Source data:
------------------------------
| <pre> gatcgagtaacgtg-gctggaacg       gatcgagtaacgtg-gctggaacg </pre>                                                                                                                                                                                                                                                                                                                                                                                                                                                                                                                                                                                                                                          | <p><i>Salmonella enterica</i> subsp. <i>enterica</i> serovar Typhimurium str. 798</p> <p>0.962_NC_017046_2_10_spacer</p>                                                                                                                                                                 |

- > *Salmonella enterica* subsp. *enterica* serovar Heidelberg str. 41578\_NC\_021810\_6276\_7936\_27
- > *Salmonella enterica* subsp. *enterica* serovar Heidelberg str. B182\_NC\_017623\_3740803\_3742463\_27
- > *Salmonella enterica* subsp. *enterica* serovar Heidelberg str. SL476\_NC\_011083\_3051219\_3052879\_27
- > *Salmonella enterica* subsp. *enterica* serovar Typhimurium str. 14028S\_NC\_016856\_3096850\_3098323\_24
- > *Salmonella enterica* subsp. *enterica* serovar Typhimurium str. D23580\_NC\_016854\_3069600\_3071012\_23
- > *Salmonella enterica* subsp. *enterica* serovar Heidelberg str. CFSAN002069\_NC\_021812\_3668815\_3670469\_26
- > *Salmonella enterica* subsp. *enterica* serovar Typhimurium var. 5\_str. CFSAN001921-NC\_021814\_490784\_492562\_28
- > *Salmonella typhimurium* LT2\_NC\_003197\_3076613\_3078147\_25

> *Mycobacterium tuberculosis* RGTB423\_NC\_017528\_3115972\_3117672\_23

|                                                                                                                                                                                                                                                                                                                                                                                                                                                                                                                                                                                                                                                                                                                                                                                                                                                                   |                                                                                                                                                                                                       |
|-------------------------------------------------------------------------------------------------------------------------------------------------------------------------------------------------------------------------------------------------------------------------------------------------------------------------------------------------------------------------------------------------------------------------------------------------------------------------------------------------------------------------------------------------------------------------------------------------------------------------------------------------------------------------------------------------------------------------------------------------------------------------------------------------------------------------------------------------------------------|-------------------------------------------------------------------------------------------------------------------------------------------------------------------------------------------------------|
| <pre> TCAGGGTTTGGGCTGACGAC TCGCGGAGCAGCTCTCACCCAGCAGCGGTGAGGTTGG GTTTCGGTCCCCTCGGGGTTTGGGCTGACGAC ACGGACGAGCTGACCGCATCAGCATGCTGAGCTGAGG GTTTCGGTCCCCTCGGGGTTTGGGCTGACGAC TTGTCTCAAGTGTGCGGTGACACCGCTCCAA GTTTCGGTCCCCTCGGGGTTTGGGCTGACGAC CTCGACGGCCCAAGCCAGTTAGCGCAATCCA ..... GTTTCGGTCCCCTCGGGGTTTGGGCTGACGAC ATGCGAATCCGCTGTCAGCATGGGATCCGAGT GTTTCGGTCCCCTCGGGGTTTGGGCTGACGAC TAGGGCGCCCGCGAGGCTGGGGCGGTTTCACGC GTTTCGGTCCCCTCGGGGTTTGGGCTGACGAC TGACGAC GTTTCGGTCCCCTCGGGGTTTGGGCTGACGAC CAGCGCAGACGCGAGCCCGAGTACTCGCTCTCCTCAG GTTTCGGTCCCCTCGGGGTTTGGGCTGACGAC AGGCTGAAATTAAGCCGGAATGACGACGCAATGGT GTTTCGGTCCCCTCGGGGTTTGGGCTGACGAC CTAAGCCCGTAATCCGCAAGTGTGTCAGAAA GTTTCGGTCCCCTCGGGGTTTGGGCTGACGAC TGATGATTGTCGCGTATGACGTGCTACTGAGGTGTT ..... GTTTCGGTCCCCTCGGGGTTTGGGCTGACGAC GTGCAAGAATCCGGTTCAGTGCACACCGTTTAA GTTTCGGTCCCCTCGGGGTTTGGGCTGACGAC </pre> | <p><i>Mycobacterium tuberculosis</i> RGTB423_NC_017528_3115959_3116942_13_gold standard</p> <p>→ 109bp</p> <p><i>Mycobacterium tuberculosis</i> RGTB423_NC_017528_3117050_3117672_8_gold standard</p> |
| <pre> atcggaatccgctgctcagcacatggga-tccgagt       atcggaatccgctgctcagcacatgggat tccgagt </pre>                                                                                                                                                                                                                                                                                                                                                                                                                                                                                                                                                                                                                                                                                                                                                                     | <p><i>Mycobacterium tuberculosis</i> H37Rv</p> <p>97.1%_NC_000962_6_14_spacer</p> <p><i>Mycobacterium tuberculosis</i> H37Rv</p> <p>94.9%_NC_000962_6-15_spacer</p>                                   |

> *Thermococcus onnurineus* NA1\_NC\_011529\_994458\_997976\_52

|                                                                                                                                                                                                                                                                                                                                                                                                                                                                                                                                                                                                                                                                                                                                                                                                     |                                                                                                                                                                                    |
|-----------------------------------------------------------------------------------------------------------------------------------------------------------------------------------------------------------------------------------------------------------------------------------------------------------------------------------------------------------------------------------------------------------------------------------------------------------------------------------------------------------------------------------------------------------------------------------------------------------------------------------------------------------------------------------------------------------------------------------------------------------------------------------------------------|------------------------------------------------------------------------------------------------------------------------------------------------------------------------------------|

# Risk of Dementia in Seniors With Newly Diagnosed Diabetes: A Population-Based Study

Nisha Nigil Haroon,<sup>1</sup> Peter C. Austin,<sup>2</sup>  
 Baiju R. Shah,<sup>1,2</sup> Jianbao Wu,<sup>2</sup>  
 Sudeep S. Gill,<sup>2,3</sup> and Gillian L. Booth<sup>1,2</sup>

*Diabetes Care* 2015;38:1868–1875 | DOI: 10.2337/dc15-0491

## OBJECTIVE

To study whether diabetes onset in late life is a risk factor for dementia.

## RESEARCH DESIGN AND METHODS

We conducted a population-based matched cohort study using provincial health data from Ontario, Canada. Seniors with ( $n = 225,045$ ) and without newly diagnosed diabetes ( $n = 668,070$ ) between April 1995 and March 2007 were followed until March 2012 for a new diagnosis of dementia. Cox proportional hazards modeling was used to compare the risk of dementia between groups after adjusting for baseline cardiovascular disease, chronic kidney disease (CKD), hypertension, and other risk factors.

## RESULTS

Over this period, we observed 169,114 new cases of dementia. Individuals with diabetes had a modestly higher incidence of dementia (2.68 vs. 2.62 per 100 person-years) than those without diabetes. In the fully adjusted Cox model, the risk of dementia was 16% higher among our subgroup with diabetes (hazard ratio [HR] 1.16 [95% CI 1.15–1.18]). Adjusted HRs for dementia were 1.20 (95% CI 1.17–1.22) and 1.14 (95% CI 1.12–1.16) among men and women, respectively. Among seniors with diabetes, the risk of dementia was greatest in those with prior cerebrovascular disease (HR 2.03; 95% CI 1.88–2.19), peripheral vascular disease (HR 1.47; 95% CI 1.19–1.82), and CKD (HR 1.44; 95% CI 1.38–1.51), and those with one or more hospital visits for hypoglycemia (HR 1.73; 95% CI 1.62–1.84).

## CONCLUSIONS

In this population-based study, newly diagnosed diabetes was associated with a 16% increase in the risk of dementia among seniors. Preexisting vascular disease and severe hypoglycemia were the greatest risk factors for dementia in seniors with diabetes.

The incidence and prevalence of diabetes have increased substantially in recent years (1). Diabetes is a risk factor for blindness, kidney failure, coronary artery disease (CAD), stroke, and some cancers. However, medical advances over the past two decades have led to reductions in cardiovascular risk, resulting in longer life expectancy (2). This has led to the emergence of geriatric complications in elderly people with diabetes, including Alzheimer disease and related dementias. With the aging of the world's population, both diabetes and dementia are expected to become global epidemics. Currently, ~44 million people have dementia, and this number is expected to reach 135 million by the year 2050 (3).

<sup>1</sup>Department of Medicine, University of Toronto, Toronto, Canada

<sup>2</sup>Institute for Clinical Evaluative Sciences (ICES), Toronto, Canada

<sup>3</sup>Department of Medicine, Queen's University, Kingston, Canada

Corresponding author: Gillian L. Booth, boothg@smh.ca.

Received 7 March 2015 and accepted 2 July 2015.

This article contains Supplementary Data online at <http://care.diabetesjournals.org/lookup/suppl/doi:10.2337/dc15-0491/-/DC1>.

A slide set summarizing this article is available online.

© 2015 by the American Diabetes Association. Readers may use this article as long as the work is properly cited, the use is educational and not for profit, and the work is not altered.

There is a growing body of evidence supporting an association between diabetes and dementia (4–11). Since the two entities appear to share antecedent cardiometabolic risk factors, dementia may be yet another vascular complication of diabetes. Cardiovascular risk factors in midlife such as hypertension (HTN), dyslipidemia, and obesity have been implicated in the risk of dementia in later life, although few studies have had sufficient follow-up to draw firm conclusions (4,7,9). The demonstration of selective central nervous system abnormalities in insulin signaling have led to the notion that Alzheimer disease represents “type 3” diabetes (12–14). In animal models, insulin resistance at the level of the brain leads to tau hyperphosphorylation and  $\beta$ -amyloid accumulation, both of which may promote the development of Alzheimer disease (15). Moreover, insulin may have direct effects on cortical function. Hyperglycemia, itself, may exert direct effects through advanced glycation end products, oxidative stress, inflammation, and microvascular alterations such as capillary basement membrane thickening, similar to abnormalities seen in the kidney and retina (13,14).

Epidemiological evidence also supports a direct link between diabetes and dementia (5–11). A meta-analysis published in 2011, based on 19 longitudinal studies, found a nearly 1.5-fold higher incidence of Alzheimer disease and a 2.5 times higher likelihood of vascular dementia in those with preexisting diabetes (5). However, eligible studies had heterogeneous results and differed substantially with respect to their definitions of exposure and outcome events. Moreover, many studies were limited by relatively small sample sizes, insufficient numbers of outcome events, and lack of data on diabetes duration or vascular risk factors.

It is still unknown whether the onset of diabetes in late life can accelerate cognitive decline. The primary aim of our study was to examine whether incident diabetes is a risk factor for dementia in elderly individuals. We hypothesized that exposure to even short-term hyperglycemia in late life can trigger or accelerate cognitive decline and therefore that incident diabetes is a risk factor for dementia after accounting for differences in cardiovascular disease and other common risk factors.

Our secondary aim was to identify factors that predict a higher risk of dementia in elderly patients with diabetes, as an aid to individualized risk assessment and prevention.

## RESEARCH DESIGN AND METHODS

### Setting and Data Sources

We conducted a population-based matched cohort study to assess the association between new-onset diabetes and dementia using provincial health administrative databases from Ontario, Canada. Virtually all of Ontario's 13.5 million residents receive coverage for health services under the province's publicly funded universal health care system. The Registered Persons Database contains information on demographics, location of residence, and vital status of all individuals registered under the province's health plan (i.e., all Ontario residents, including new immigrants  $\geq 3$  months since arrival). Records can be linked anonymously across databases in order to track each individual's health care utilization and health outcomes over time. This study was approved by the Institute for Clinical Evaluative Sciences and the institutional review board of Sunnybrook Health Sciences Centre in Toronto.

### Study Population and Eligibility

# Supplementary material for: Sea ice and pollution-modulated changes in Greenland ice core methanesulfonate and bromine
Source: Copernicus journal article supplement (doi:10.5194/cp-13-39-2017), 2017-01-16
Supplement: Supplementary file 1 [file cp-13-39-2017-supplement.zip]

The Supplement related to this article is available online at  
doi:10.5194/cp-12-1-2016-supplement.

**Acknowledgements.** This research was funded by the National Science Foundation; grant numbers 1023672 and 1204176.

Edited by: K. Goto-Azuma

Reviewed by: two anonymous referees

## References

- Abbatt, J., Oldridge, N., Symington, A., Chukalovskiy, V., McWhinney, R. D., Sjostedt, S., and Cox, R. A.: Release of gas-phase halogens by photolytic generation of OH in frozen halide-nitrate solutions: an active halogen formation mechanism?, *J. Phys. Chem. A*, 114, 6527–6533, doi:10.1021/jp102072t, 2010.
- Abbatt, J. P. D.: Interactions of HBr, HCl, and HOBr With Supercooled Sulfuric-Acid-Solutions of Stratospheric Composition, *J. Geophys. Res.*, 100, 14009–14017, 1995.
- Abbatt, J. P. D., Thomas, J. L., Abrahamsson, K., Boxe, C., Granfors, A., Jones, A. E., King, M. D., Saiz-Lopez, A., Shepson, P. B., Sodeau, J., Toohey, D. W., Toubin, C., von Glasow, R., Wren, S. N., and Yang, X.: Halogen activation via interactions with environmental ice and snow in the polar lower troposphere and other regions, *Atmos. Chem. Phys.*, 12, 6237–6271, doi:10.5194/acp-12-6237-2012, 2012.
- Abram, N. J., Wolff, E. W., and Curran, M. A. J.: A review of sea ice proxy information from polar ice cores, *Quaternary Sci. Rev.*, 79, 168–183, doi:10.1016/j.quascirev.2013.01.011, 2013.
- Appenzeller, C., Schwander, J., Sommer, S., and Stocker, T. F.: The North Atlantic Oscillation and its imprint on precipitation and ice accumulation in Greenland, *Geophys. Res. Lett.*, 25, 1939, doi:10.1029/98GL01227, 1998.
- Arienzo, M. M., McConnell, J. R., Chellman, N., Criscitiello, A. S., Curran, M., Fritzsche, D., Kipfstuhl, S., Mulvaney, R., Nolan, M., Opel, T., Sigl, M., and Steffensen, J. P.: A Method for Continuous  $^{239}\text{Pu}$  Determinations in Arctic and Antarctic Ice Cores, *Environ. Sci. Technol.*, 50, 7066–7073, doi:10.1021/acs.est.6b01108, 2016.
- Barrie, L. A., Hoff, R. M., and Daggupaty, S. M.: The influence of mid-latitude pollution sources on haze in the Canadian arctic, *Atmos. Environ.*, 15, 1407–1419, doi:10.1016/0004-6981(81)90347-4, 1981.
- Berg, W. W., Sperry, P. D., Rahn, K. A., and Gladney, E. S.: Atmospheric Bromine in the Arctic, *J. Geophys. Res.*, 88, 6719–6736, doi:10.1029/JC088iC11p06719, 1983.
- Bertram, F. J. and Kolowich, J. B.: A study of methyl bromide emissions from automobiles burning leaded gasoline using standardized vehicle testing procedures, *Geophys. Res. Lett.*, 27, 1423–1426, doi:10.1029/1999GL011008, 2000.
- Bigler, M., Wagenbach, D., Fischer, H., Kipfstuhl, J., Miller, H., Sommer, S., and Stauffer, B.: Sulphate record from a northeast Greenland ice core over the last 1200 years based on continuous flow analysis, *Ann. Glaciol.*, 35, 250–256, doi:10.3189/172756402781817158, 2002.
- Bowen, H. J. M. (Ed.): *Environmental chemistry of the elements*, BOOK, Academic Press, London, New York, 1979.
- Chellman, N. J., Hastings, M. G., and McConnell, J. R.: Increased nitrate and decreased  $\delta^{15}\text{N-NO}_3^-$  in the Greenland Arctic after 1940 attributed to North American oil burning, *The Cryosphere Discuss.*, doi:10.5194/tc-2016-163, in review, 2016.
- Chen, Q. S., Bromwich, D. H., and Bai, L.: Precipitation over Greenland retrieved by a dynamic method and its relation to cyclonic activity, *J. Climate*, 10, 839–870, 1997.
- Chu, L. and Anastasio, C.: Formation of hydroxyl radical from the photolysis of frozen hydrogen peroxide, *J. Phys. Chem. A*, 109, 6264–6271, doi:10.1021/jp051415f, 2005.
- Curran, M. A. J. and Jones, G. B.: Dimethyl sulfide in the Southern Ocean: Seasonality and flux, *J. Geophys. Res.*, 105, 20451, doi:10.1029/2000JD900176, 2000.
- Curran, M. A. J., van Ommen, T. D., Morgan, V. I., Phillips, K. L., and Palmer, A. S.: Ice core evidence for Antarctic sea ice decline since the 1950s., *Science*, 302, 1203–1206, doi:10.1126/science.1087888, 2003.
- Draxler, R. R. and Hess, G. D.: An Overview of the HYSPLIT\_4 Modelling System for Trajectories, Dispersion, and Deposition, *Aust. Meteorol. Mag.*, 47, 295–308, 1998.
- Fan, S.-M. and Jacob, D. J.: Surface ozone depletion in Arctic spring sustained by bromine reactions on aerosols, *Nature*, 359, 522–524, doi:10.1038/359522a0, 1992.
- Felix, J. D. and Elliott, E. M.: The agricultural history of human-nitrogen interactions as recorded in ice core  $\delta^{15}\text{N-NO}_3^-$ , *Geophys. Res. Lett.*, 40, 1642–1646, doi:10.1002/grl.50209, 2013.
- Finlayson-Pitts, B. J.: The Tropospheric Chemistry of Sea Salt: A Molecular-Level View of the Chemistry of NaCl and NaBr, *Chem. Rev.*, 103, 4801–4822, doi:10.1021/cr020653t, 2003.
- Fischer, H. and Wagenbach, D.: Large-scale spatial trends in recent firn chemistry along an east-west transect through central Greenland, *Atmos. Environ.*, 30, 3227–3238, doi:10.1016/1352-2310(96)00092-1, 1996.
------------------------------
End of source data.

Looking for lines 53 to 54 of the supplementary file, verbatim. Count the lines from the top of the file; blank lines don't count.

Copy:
**Acknowledgements.** This research was funded by the National Science Foundation; grant numbers 1023672 and 1204176.

Edited by: K. Goto-Azuma